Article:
The Lion City


The Singapore property market in 2015 is going great guns

Singapore is one of the world’s major commercial hubs, the fourth-largest financial centre, and one of the top two busiest container ports in the world for at least the past ten years. Its globalised and diversified economy depends heavily on trade, especially manufacturing, which accounted for around 30 percent of Singapore’s GDP in 2013. Singapore places highly in international rankings with regard to standard of living, education, healthcare, and economic competitiveness.

It has one of the highest per capita income and one of the longest overall life expectancy in the world. The country is one of nine countries in the world with top AAA rating from all credit rating agencies. Singapore is highly urbanised. Land reclamation has been used to expand the country’s land area.



According to Surbana International Consultants Pte. Ltd., Singapore group CEO Wong Heang Fine, “Singapore property market has gone up tremendously for the last few years.” Surbana’s roots can be traced back to the 1960s when it was the Building and Development Division of the Housing & Development Board (HDB). Housing & Development Board (HDB) was established as a government agency to solve Singapore’s housing crisis and to provide affordable and quality housing for the growing population. Wong recently gave his talk on Singapore Urban Property Prices Hike vs Affordable Housing Need in the FIABCI 66th World Real Estate Congress.

“If you look at our housing market in Singapore, you’ll find that 81% of our population are living in private and public housing by government-built plans (HDB). Today, only 19% of our population stays in condominiums and landed houses. So, if you asked how we’ve done that, Surbana itself has built over 1 billion homes in Singapore. You’ll also find that 90% of our population own their flats.”

“As you can see, even some of our affordable housings, government-built plans, are worth a million dollars each. It was a great time for a lot of developers. This chart [Figure 2] shows our index of our government housing and also private properties. You can see that in the last few years, there has been a boom time and only in the year of 2014 the market hesitate a bit. This is because the government has implemented some cooling measurements. For the last few years, there’s been an extraordinary period of growth of property market. If you look at the two curves, you’ll find that government housing grew slightly higher than the private property.”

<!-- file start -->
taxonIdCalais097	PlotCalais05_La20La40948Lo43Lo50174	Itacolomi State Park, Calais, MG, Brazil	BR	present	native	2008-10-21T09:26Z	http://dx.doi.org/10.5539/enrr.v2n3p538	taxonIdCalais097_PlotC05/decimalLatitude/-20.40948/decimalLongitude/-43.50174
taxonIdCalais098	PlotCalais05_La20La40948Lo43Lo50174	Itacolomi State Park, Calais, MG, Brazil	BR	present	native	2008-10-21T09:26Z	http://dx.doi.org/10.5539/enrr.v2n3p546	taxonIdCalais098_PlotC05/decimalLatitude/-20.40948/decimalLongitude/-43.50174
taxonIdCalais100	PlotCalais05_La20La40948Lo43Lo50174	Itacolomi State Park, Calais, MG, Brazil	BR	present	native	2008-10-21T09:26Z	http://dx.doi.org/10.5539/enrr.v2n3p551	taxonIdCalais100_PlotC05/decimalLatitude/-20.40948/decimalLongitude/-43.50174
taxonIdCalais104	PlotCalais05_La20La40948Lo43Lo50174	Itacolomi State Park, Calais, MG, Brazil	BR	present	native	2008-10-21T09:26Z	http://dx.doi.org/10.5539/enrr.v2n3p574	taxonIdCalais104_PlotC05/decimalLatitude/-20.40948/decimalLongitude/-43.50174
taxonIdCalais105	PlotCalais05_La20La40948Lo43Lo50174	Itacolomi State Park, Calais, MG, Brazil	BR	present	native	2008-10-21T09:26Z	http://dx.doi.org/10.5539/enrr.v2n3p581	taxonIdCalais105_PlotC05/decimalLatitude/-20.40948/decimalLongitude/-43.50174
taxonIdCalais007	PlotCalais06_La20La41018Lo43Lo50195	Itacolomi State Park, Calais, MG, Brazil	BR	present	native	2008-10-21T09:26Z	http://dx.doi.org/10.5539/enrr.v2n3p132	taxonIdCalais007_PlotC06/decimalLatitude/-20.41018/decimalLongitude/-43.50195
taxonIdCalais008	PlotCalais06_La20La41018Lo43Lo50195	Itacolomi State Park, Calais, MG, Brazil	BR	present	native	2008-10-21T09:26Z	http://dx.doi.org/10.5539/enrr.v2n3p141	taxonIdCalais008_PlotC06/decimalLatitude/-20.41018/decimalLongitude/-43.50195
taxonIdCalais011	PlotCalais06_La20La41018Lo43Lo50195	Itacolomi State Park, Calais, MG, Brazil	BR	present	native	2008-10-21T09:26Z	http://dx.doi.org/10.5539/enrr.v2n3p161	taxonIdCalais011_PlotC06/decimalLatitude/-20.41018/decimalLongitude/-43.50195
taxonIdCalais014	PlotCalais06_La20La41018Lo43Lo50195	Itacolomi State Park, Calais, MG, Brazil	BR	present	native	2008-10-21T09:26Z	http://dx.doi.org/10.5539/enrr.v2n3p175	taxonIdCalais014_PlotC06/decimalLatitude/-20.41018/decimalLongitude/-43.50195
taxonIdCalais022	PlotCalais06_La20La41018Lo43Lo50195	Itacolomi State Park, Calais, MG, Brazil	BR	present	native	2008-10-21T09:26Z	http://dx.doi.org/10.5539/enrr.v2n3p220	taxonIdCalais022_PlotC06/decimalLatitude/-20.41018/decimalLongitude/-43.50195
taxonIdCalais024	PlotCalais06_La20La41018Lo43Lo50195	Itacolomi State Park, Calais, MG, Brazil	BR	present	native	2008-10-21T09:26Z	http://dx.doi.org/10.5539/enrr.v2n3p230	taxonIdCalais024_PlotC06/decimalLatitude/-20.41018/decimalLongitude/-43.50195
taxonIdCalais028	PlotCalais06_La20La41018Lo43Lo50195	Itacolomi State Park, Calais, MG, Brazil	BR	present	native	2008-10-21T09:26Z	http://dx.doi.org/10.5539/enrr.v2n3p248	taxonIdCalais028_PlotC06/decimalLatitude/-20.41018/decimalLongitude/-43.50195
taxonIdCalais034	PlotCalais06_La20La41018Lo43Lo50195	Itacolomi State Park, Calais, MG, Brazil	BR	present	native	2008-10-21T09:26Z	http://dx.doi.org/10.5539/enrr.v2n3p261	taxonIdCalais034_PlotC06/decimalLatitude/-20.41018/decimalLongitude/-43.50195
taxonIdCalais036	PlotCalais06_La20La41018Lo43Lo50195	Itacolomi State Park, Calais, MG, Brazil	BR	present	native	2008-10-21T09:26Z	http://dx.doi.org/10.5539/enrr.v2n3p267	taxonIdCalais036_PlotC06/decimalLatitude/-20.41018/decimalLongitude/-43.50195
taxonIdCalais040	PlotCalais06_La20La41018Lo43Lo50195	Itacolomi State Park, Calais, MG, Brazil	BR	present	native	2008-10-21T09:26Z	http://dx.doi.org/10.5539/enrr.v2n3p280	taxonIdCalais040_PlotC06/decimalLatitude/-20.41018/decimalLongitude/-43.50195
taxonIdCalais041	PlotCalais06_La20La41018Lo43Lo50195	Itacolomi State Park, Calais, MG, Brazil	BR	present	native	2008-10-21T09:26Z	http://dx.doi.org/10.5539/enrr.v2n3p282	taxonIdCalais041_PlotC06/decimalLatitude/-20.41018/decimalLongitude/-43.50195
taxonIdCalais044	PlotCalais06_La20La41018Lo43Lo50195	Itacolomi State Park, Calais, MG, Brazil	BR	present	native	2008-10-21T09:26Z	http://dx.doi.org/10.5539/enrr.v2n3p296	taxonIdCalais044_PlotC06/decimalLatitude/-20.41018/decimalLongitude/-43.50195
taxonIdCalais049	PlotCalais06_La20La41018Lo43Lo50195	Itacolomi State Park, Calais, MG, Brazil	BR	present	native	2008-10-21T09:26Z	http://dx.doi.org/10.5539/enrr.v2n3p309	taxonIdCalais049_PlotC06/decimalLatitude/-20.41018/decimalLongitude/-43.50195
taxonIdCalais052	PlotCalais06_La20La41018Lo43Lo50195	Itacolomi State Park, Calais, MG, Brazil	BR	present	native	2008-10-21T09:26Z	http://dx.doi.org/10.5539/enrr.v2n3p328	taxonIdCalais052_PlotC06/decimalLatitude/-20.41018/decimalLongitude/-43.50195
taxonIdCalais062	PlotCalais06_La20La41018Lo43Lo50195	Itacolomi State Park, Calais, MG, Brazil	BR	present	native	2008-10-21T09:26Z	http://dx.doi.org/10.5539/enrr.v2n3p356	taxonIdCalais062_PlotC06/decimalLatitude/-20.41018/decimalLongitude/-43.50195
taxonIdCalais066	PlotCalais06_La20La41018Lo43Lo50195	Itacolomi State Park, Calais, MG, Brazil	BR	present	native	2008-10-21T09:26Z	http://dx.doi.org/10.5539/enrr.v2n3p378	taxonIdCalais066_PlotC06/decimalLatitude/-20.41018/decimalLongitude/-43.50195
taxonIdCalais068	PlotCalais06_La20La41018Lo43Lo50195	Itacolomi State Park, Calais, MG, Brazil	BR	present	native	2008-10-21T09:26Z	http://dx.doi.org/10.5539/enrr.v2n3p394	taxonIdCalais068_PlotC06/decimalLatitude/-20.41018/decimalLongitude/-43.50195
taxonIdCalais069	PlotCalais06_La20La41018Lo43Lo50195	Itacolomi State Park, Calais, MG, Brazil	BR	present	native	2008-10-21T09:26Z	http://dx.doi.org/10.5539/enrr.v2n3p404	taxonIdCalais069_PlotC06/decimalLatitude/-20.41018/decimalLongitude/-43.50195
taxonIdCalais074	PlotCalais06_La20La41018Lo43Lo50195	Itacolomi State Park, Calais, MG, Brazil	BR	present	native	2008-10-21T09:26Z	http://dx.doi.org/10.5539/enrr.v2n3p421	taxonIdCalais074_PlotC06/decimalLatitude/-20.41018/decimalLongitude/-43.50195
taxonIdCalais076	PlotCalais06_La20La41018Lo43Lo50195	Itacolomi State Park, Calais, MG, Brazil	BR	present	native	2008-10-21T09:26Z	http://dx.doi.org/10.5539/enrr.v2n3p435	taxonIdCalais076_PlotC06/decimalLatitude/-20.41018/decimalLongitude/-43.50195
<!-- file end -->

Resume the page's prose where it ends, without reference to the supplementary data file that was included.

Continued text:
“So what has happened in the last few years in Singapore that has resulted in such a huge property boom?” asked Wong. “First, our population has grown tremendously. If you look at the growth rate of 2001 to the year of 2010, every year on average we grow about 100,000. There are more immigrants if you look at the chart [Figure 3], you will see that greatest growth is the green bar, representing non-residents. Non-residents have grown at about 800k to 1.3 billion over the ten years. So do PRs (Permanent Residents) which have grown from 300k to 500k in total. This being said, with the growth of the population, they would require roofs over their heads.”

Wong elaborated his point, “You will see that we’ve drawn a line in 2004 [Figure 4]. Some of you would wonder why we’ve done so. Actually in the year of 2004, the government mentioned a huge change in the government policy by having two casino licenses in Singapore. From there, you can see the growth in the population. The growth rate has been tremendous. Before the announcement of the integrated resorts, the total population of Singapore was about 0.8%, after that it goes up to 3.5% in total.”

Afterwards, what happened to GDP (gross domestic products)? Wong said, “This is the chart [Figure 4] of the Singapore’s GDP. It has doubled the value since the announcement of the integrated resort. There’s been tremendous economic growth since 2004.”

“On top of that, our population has changed over the years. There has been a substantial increase in proportion of singles [Figure 5]. What does that mean? It means that there are demand for small and affordable units. If you notice, some of our property launches in Singapore, you will find that one or two bedrooms are often fully sold on the first day of our sale. So we have a growing need for smaller apartments.”

“The next one is also an interesting chart. This chart [Figure 6] shows household income in excess of 50k. Over that period, the number of households with income exceeding 50k has tripled. So it means that there are more people who can afford really good housing for both public and private sector. The market has also been boosted by really low interest rates. Over the years, the interest rate in Singapore dollars dropped to below 0.5% over that period. So it’s been a very low barrier of entry for a lot of buyers.”